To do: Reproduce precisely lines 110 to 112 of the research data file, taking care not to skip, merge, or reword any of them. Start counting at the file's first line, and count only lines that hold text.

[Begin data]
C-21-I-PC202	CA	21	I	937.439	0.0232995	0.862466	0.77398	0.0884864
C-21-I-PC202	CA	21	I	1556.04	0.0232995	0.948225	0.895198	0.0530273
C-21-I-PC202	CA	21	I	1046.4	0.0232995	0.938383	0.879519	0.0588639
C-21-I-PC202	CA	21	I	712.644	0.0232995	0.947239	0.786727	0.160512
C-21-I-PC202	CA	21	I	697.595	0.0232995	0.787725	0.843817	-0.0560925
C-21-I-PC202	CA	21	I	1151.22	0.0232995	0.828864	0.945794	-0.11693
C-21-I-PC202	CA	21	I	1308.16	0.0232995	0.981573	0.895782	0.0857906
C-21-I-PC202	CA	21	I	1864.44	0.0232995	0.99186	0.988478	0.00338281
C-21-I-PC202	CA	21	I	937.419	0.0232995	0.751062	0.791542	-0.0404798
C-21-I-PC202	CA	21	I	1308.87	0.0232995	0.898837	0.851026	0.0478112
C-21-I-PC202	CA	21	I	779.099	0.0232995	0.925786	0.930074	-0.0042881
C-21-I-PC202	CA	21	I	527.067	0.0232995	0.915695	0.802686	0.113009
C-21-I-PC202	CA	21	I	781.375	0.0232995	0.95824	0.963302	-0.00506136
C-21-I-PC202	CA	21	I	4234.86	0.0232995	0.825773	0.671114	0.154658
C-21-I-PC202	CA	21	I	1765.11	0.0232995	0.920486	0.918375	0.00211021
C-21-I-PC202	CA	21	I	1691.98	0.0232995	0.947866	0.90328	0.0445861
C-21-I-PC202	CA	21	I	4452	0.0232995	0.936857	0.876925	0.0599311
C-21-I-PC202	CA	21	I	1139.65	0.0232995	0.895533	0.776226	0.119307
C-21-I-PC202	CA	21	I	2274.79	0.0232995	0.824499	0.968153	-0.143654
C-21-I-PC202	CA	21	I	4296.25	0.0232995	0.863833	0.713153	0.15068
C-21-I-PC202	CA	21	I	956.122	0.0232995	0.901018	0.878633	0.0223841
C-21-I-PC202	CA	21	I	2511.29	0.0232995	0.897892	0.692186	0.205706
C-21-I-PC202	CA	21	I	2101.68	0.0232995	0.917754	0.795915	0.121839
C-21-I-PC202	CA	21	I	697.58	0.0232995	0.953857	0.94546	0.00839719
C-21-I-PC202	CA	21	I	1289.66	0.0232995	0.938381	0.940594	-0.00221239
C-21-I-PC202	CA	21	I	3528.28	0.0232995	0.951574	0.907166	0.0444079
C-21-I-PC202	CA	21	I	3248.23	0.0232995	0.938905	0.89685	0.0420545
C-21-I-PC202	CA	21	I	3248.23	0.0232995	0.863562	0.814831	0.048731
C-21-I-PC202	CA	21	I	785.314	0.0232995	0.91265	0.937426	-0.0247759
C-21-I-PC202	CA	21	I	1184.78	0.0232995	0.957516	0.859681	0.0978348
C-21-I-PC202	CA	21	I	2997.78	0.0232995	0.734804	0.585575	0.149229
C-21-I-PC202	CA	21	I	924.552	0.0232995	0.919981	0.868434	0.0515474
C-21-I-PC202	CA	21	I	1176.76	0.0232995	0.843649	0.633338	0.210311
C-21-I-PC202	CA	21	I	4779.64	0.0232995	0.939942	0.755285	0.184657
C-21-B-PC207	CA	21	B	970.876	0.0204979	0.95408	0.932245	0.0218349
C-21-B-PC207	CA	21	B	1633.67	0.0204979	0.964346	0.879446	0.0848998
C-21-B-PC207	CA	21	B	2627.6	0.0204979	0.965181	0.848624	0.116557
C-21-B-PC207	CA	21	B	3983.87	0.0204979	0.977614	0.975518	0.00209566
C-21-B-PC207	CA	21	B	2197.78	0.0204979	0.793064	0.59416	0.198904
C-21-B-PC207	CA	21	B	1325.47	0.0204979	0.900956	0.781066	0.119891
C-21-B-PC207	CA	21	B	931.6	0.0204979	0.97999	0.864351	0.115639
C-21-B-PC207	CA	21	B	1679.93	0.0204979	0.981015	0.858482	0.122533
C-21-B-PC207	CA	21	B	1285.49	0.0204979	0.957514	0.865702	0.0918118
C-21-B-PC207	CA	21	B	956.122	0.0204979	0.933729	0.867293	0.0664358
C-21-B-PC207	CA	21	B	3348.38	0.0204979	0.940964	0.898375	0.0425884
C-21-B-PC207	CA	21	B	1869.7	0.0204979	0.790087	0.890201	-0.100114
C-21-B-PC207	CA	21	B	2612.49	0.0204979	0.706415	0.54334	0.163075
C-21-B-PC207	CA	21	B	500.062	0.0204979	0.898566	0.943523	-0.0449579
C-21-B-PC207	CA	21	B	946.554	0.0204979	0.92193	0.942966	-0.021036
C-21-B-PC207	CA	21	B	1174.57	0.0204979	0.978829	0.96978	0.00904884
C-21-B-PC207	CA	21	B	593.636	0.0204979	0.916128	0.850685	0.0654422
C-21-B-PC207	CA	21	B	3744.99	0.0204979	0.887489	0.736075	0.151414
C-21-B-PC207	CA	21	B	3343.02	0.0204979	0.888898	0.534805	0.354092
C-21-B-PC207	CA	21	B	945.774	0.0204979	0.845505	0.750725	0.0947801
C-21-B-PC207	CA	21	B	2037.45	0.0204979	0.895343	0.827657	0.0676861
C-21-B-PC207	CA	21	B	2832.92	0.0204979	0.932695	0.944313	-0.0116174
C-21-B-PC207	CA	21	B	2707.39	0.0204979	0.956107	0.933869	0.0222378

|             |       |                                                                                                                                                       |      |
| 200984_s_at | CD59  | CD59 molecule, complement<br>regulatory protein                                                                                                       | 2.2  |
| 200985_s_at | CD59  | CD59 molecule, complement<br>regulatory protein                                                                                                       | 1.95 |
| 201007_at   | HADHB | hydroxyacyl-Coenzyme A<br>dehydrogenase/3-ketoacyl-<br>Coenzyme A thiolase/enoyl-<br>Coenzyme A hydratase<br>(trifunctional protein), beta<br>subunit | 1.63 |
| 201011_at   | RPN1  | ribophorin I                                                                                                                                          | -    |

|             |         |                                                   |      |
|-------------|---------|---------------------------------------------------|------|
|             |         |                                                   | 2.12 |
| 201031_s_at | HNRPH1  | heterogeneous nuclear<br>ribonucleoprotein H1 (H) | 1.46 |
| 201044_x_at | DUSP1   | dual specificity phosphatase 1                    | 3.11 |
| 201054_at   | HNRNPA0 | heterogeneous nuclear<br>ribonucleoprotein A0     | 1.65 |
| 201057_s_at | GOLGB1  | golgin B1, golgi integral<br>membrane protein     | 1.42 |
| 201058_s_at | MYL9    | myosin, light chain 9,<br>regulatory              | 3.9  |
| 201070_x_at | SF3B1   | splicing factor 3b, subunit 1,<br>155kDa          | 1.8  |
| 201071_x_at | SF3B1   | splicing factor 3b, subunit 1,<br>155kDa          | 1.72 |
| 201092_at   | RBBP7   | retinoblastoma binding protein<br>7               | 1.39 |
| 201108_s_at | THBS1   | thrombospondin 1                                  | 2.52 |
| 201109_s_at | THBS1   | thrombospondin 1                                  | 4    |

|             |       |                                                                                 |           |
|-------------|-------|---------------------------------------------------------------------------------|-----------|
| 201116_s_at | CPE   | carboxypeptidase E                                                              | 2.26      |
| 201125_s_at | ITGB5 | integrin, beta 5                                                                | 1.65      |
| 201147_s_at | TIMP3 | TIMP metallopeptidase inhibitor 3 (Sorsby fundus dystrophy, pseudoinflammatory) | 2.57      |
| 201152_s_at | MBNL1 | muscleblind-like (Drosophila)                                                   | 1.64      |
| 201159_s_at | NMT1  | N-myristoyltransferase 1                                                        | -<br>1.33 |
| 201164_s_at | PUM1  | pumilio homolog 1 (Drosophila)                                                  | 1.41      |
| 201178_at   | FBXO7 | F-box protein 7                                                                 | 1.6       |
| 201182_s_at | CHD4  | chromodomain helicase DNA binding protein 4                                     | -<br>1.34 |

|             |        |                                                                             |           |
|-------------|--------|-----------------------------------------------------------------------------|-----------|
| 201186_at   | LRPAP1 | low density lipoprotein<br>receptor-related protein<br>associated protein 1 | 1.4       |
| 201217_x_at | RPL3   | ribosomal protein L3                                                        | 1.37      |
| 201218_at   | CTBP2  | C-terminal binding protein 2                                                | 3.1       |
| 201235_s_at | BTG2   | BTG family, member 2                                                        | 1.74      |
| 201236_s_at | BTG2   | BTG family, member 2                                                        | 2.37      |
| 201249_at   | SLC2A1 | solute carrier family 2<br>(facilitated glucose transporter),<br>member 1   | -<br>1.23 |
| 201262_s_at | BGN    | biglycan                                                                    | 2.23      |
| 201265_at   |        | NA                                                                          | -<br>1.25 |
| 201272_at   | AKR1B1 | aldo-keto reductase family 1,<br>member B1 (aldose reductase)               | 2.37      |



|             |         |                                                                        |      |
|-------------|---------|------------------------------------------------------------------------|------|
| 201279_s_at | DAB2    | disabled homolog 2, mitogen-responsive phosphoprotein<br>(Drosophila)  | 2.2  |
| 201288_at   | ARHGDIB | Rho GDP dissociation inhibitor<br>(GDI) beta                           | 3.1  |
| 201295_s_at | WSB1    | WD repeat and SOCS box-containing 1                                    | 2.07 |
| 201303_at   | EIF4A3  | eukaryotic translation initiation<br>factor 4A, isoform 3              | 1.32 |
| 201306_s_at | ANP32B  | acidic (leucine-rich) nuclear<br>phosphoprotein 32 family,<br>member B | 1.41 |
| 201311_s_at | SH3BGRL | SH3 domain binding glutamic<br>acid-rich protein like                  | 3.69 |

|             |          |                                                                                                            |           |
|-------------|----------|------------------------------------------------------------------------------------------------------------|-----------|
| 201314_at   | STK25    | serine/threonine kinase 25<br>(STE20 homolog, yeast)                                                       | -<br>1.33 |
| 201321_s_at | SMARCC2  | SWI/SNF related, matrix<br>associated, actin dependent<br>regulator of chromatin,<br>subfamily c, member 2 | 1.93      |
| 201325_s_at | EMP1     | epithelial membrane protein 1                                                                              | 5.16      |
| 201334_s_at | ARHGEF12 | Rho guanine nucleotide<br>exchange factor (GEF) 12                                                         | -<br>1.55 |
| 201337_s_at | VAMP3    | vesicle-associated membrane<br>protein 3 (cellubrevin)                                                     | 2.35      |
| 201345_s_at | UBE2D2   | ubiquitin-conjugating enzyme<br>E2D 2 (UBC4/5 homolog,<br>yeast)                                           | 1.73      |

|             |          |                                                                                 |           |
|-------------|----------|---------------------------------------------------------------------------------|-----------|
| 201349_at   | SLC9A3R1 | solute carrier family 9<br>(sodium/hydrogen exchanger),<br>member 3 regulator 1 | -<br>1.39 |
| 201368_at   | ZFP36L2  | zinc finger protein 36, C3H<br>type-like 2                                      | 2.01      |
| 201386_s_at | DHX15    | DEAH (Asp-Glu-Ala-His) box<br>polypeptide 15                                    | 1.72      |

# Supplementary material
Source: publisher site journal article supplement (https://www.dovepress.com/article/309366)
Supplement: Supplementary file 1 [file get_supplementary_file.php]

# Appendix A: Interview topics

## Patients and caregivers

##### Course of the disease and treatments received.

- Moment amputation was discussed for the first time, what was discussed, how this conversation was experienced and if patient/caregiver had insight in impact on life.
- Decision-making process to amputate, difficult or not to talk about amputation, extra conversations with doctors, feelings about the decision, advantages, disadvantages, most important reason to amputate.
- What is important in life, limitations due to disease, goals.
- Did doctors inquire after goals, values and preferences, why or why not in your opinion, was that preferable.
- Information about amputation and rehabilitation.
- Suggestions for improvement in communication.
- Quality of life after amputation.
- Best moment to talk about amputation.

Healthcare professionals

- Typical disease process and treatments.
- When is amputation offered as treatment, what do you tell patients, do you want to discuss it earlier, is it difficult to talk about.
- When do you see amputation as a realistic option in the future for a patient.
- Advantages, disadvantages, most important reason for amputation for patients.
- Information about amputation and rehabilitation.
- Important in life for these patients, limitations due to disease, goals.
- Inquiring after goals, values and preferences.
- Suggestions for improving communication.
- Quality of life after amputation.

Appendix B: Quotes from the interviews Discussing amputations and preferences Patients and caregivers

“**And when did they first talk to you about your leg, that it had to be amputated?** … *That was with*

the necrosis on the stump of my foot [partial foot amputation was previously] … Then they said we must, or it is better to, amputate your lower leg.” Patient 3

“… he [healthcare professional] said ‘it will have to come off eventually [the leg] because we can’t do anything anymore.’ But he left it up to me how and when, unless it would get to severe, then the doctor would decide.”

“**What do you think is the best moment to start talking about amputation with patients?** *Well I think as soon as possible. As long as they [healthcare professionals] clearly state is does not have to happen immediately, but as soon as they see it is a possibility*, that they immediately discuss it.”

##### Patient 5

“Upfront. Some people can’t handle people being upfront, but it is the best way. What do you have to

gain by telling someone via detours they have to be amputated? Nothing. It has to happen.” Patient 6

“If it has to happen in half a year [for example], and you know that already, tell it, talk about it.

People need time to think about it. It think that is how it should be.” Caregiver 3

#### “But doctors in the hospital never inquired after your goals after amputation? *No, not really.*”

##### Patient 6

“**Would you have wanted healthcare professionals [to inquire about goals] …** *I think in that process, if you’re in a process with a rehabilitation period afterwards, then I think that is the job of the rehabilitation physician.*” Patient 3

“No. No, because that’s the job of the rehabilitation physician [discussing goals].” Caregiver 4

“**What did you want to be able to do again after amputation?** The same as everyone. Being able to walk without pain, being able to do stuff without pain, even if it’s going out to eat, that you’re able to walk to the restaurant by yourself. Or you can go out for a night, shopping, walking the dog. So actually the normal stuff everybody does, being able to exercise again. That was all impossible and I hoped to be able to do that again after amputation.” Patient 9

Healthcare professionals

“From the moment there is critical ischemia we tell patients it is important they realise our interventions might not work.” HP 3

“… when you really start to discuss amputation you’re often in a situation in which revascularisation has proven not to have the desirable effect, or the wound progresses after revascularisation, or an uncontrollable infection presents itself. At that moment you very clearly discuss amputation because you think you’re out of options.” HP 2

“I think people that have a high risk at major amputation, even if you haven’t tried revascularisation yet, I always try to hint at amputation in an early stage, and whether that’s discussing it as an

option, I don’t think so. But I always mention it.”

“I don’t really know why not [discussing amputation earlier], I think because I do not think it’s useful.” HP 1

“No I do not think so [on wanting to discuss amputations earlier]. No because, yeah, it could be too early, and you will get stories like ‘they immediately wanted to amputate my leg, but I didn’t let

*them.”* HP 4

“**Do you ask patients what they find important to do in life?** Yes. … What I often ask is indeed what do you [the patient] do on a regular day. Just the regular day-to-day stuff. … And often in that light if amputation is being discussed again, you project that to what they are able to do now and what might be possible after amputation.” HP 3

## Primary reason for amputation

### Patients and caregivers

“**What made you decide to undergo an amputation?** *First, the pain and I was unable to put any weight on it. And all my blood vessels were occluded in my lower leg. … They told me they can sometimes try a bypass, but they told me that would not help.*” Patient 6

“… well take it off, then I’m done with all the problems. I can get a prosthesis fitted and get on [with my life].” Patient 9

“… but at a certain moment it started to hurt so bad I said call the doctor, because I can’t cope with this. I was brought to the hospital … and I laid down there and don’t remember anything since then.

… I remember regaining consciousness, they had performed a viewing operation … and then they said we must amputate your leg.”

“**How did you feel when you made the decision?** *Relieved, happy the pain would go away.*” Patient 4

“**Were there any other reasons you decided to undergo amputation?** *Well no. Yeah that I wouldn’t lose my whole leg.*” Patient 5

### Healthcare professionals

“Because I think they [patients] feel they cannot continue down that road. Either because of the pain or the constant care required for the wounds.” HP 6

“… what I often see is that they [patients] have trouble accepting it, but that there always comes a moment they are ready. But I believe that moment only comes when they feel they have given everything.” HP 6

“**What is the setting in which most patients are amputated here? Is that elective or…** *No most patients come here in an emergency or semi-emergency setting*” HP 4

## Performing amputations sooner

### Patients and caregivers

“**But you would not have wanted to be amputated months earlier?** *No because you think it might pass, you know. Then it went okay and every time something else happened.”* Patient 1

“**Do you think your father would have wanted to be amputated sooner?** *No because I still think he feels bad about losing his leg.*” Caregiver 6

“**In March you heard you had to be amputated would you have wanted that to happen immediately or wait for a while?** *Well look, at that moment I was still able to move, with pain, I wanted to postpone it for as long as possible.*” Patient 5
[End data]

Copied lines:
| 201334_s_at | ARHGEF12 | Rho guanine nucleotide<br>exchange factor (GEF) 12                                                         | -<br>1.55 |
| 201337_s_at | VAMP3    | vesicle-associated membrane<br>protein 3 (cellubrevin)                                                     | 2.35      |
| 201345_s_at | UBE2D2   | ubiquitin-conjugating enzyme<br>E2D 2 (UBC4/5 homolog,<br>yeast)                                           | 1.73      |